F.E.A.S.T's Around The Dinner Table forum

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Hendrixt
Hi all,
 
I know there are lots of really good threads about this subject and I have read quite a lot and picked up some really good ideas. Having been refeeding since May we now feel a little more confident that our D is accepting virtually all meals, the melt downs are much fewer and farer between, she is gaining weight and now may be the time to try some fear foods. We’ve put a list together in order of difficulty and are about to take a deep breath and try introducing some. Most of the foods on the list are of the type which can be introduced at snack times, such as biscuits, muffins, cakes ect

The question I have is; at the moment we always have the clear the plate rule with all meals and snacks so that, if she tries to leave anything we alway override any resistance and insist on her continuing and finishing the entire meal. Is it recommended that when trying fear foods, the clear the plate rule can be relaxed a little? So for example, if we offered a muffin (or maybe half a muffin in the beginning), something which she would be incredibly anxious about, is it fair to just accept that she tries to eat some of it and if she can’t eat it all after prompting and encouragement we then try to get her to eat more on future attempts.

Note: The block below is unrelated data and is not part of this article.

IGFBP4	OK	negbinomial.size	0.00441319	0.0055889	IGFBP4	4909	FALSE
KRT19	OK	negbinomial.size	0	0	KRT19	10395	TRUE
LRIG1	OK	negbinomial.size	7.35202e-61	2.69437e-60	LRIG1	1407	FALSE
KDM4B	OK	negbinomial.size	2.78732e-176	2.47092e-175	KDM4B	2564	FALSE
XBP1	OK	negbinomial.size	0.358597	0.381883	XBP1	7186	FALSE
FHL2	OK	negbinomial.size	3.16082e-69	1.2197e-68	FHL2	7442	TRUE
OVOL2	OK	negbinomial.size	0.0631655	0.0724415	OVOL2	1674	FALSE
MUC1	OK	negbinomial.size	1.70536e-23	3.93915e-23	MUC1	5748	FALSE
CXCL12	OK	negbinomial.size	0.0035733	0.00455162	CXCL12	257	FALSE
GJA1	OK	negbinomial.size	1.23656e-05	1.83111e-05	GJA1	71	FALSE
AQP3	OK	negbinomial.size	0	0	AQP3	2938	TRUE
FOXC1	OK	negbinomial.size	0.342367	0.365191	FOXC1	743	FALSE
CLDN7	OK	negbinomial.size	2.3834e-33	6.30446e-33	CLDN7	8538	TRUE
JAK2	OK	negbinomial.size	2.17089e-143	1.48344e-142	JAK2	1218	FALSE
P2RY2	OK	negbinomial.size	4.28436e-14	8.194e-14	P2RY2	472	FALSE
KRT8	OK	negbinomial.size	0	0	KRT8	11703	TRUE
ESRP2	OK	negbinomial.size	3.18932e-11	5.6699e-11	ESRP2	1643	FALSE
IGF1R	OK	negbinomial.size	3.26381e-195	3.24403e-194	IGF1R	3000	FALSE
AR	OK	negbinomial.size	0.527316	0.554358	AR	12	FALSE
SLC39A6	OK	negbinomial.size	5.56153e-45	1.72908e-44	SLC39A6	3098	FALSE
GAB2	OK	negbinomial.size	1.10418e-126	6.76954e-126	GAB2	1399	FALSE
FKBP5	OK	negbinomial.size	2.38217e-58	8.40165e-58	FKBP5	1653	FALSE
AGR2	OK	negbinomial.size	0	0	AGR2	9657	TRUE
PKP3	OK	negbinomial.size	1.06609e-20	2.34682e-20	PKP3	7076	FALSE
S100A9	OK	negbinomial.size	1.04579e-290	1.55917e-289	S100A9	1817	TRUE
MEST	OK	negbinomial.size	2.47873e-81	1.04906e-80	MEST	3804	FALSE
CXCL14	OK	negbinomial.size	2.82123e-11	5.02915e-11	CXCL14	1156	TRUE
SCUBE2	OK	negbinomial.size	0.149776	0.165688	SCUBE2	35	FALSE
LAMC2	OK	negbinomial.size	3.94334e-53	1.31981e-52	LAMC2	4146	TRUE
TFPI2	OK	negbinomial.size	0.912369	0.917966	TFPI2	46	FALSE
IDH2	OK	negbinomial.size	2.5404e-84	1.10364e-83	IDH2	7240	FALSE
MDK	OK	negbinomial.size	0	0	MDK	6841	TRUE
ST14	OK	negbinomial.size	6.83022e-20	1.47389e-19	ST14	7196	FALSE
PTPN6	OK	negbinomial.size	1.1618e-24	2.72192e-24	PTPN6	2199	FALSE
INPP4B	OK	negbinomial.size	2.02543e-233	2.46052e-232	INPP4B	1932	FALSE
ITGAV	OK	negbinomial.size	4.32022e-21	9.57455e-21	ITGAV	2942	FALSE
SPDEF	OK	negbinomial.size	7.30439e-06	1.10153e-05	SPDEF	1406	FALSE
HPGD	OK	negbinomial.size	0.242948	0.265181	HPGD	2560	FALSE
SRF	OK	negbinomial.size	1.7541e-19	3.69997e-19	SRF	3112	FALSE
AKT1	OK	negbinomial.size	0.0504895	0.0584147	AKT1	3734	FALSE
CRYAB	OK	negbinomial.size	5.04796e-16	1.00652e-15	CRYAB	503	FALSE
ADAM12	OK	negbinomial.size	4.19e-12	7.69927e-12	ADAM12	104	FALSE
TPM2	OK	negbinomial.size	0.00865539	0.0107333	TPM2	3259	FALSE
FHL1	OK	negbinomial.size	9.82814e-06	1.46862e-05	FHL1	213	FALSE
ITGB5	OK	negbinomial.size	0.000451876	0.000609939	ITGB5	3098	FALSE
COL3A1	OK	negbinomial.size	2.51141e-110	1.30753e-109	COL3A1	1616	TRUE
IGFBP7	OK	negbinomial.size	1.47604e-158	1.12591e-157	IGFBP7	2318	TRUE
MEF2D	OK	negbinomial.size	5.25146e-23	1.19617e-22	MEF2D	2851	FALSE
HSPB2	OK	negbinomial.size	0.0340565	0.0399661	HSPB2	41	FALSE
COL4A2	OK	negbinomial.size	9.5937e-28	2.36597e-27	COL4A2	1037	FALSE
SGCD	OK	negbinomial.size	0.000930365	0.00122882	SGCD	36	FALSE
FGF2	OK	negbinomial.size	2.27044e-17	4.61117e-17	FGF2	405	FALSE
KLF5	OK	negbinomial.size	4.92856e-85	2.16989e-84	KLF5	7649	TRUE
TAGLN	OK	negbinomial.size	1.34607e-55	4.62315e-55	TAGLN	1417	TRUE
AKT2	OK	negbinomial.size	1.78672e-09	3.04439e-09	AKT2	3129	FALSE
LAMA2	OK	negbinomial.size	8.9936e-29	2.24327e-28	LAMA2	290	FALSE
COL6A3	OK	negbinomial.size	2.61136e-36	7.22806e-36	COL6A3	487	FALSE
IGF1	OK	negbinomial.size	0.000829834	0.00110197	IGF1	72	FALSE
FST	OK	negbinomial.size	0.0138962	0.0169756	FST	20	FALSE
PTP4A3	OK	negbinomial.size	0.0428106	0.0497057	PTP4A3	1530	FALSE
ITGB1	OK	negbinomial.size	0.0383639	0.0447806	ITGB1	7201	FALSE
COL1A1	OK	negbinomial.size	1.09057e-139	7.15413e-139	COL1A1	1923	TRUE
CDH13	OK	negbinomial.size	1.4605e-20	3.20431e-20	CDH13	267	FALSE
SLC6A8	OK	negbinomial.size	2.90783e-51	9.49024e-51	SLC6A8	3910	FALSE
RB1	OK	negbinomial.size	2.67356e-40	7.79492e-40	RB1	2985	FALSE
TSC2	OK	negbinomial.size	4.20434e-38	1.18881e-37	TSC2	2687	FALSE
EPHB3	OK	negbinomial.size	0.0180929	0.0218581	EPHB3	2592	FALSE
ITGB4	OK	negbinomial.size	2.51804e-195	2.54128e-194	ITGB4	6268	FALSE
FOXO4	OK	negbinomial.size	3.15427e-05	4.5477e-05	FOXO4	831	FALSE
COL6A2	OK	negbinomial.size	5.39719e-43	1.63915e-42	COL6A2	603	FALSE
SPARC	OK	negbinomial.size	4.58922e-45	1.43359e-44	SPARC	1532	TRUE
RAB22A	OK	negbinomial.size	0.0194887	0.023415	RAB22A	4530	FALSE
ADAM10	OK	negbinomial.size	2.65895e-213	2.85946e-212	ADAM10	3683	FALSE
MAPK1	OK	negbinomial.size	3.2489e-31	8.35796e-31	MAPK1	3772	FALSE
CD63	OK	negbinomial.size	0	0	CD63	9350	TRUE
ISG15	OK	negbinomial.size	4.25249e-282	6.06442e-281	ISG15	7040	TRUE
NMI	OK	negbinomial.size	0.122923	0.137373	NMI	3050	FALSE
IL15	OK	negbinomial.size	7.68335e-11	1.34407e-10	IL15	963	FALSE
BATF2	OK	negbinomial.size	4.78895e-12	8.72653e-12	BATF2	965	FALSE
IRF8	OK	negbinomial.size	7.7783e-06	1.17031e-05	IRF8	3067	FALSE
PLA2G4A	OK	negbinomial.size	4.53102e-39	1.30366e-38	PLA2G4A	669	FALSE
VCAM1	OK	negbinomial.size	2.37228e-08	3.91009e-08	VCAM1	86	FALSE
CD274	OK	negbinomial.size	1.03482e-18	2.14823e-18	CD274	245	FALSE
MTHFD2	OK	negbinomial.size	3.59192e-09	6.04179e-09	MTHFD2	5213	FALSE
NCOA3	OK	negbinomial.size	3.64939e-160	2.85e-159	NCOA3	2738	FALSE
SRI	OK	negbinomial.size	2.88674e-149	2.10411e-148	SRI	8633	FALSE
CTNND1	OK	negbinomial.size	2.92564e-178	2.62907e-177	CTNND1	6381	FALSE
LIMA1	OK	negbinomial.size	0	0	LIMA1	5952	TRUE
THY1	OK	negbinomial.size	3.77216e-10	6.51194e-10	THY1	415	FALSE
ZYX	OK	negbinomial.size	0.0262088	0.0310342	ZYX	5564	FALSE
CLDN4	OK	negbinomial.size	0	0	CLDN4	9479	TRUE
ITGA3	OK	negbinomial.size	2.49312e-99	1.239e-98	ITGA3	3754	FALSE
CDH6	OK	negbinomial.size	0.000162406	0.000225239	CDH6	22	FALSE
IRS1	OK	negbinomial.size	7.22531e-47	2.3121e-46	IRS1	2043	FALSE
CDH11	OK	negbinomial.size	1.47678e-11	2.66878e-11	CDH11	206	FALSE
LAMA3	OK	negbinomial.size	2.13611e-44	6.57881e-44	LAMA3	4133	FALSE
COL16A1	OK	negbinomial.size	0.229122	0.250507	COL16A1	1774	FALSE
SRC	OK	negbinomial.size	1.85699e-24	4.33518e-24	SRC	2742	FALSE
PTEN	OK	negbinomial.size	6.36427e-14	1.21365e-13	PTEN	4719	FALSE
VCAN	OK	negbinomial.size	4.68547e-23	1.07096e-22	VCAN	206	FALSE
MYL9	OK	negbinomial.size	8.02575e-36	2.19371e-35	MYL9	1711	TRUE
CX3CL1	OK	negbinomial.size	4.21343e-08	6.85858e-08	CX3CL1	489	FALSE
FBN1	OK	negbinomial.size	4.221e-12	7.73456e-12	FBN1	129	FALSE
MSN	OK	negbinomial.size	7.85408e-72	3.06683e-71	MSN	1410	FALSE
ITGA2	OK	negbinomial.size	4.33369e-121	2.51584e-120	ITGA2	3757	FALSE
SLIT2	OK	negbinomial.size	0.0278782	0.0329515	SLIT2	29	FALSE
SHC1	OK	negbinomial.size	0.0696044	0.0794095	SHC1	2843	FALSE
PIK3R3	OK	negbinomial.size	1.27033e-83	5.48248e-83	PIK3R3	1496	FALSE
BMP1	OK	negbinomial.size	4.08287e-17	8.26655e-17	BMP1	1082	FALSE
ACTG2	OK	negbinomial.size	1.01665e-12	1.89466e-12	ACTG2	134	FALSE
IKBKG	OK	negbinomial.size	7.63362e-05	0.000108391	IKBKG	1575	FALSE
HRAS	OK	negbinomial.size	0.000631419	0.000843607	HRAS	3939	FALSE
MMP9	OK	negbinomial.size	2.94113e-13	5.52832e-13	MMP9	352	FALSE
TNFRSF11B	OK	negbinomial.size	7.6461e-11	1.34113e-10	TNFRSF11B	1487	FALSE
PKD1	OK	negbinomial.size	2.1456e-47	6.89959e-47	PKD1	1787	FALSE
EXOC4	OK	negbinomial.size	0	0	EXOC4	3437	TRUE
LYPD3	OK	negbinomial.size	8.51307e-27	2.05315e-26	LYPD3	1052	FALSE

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workingthrough
I think it depends on you and you daughter. 

For s, if we had ever given the option of “trying” something - he definitely would have only “tried” vs. eating more.

With things we knew he ate before, we expected him to eat them again - entirely. We didn’t throw everything at him at once, but had challenges every day. Perhaps, for example, we’d have foods he was fairly comfortable with throughout one day, but have a muffin and milk for snack. We’d require him to finish it. The next day we might have a more challenging dinner, but a more familiar snack. The following day, we’d bring the muffin back. For s, it took about 3-6 times (depending on food) eating things and he was fairly okay. 

In the beginning when s was struggling we had a point system where he earned points with challenge foods. We also used distraction. As time went on, we added more challenges and just expected them vs. rewards, etc.